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Berezovsky Was ‘Broken Man’ After Losing Abramovich Suit

Russian billionaire Boris Berezovsky poses at the Bloomberg offices in London on Nov. 5, 2003. Berezovsky was found dead at his U.K. home on March 23, 2013. Photographer: Des Jenson/Bloomberg
Russian billionaire Boris Berezovsky poses at the Bloomberg offices in London on Nov. 5, 2003. Berezovsky was found dead at his U.K. home on March 23, 2013. Photographer: Des Jenson/Bloomberg

March 26 (Bloomberg) -- Boris Berezovsky, the Russian oligarch who died of an apparent suicide last year, was a “broken man” on anti-depressants after he lost a court case against Roman Abramovich in 2012, witnesses told an inquest.

Berezovsky, 67, was found dead just over a year ago in his mansion outside London. Avi Navama, the bodyguard who was the first to discover Berezovsky’s body, told a coroner’s inquest today that his employer frequently complained about financial problems and couldn’t pay creditors about 200 million pounds ($331 million).

Once a multibillionaire, Berezovsky had lost one of the largest U.K. civil lawsuits ever filed against Abramovich, the Russian owner of the Chelsea Football Club. Berezovsky was an “unimpressive and inherently unreliable” witness, the judge said in the ruling in the case.

“Before the verdict, he was very active,” Navama told the inquest in Windsor, England. “Very dynamic.”

He took the ruling “very personally,” Michael Cotlick, an adviser to Berezovsky, told the inquest. There had been an offer of a loan from a wealthy Russian colleague to ease any cash flow concerns, Cotlick said.

Berezovsky died March 23, 2013, from hanging with no evidence of a violent struggle, U.K. police said following an initial autopsy.

Navama’s wife, Zoe Watson, said in a statement read by Coroner Peter Bedford that Berezovsky “looked like a broken man” and had discussed ways of “killing himself” with his son.

Self-Imposed Exile

Berezovsky had lived in self-imposed exile in the U.K. to avoid prosecution in Russia. No stranger to Russian power as a friend and confidant of Boris Yeltsin, he sparred publicly with President Vladimir Putin.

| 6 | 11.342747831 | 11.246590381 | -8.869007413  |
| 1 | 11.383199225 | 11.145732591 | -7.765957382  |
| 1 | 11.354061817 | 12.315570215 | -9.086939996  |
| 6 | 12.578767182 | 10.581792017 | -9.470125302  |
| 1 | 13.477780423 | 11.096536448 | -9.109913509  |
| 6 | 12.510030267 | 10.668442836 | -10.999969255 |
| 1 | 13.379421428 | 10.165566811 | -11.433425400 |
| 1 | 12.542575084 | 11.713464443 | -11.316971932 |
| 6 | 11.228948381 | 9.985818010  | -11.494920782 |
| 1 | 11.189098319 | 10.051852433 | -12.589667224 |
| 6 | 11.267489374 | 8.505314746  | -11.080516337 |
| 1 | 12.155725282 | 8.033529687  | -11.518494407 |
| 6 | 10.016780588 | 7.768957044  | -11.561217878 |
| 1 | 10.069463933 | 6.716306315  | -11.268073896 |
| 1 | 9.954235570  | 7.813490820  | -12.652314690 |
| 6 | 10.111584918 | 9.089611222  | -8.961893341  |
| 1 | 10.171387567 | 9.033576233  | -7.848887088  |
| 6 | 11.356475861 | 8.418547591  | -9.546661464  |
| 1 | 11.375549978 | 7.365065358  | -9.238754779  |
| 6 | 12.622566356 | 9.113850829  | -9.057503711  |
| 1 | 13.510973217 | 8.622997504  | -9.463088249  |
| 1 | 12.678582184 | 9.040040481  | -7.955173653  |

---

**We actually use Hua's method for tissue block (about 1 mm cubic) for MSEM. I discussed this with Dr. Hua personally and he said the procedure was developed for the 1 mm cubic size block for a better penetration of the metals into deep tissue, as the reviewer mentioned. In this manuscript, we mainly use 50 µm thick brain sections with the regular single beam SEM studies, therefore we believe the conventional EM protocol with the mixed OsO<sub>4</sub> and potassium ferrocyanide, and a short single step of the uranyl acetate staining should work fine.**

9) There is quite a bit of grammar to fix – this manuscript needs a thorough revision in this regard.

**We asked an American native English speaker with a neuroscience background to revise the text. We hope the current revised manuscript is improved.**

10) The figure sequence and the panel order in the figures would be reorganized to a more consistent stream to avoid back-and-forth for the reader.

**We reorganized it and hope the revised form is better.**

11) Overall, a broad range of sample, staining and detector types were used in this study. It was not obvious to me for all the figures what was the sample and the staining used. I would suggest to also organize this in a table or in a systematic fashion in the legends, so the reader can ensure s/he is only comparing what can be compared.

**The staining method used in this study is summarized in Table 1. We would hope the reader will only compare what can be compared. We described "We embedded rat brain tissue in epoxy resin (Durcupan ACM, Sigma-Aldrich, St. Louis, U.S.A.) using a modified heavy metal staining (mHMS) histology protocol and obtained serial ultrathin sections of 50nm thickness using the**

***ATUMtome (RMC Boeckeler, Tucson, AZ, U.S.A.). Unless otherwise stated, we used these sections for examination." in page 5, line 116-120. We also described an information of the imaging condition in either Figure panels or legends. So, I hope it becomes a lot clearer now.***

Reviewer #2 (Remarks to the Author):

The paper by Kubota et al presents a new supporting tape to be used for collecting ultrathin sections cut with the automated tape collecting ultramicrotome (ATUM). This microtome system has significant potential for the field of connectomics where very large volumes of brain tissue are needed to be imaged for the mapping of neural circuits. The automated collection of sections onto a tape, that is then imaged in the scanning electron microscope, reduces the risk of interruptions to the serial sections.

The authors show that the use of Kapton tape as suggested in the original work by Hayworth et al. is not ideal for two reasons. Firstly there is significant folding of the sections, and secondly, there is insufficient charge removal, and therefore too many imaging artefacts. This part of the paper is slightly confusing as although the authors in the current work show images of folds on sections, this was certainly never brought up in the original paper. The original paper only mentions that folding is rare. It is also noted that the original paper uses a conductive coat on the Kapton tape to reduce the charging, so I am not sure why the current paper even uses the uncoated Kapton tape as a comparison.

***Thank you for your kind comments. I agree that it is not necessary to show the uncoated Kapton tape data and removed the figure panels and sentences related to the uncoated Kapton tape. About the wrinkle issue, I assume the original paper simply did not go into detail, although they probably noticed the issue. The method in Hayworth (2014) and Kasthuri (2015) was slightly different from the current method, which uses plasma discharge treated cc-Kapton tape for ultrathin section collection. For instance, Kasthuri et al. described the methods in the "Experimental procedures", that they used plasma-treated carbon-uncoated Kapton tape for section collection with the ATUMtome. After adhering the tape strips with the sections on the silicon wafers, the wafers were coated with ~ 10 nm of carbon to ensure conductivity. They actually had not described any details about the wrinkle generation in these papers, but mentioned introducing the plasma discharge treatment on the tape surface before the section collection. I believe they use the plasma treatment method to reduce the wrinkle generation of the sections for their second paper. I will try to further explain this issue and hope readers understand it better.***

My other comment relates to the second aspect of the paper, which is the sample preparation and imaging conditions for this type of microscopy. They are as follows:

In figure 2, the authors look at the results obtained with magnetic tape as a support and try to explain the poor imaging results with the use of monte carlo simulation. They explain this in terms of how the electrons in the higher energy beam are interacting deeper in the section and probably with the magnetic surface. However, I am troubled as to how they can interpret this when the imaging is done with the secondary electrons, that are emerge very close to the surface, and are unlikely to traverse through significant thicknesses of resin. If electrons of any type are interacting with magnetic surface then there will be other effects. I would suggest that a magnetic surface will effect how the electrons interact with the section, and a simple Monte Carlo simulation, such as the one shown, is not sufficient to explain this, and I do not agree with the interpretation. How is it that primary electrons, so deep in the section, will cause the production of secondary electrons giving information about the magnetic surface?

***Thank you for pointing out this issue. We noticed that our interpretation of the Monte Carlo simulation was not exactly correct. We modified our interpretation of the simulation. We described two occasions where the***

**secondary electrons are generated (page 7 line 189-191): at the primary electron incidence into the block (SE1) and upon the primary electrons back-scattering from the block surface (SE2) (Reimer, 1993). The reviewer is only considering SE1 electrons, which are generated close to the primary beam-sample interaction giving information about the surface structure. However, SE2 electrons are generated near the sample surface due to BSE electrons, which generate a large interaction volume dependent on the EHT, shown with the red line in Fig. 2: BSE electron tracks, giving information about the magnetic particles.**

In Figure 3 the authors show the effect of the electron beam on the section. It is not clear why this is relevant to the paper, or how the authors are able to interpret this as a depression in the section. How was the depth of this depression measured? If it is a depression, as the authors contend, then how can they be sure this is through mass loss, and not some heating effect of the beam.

He fled Russia for the U.K. in 2000 after backing Putin in his first presidential campaign. He was given political asylum three years later. Berezovsky said in a 2007 interview that he was worth $4 billion and that he was using a part of his fortune to finance “a revolution in Russia without blood.” Forbes magazine dropped the tycoon from its rich list in 2010, after estimating his wealth at $1 billion the previous year.

Cotlick said that there had been two known attempts on Berezovsky’s life in 1994, when a bomb killed his driver, and one in 2007, which was prevented by British police.

Locked Bathroom

Both Navama and a paramedic, John Pocock, told the inquest today that they believed Berezovsky committed suicide. Navama said he went to Berezovsky’s room at his Ascot estate to see what he wanted for lunch. The bathroom door was locked and there was no answer.

He called emergency services before he kicked the door down.

“I spent time with him more than I spent with my wife,” Navama said. “I counted him as a family.”

Inquests in England and Wales are held to examine sudden or unexplained deaths. Coroner’s inquests can come to a limited number of verdicts including death by accident, suicide, or unlawful killing. If there is insufficient evidence for any of those, they record an “open verdict.”

Peter Bedford, the coroner, read out a series of statements from various family members including Berezovsky’s children. His ex-wife Galina Besharova said he wasn’t the type to commit suicide. “I am very suspicious that my former husband did not kill himself,” she said in the statement.

To contact the reporter on this story: Jeremy Hodges in London at jhodges17@bloomberg.net

To contact the editors responsible for this story: Anthony Aarons at aaarons@bloomberg.net Peter Chapman

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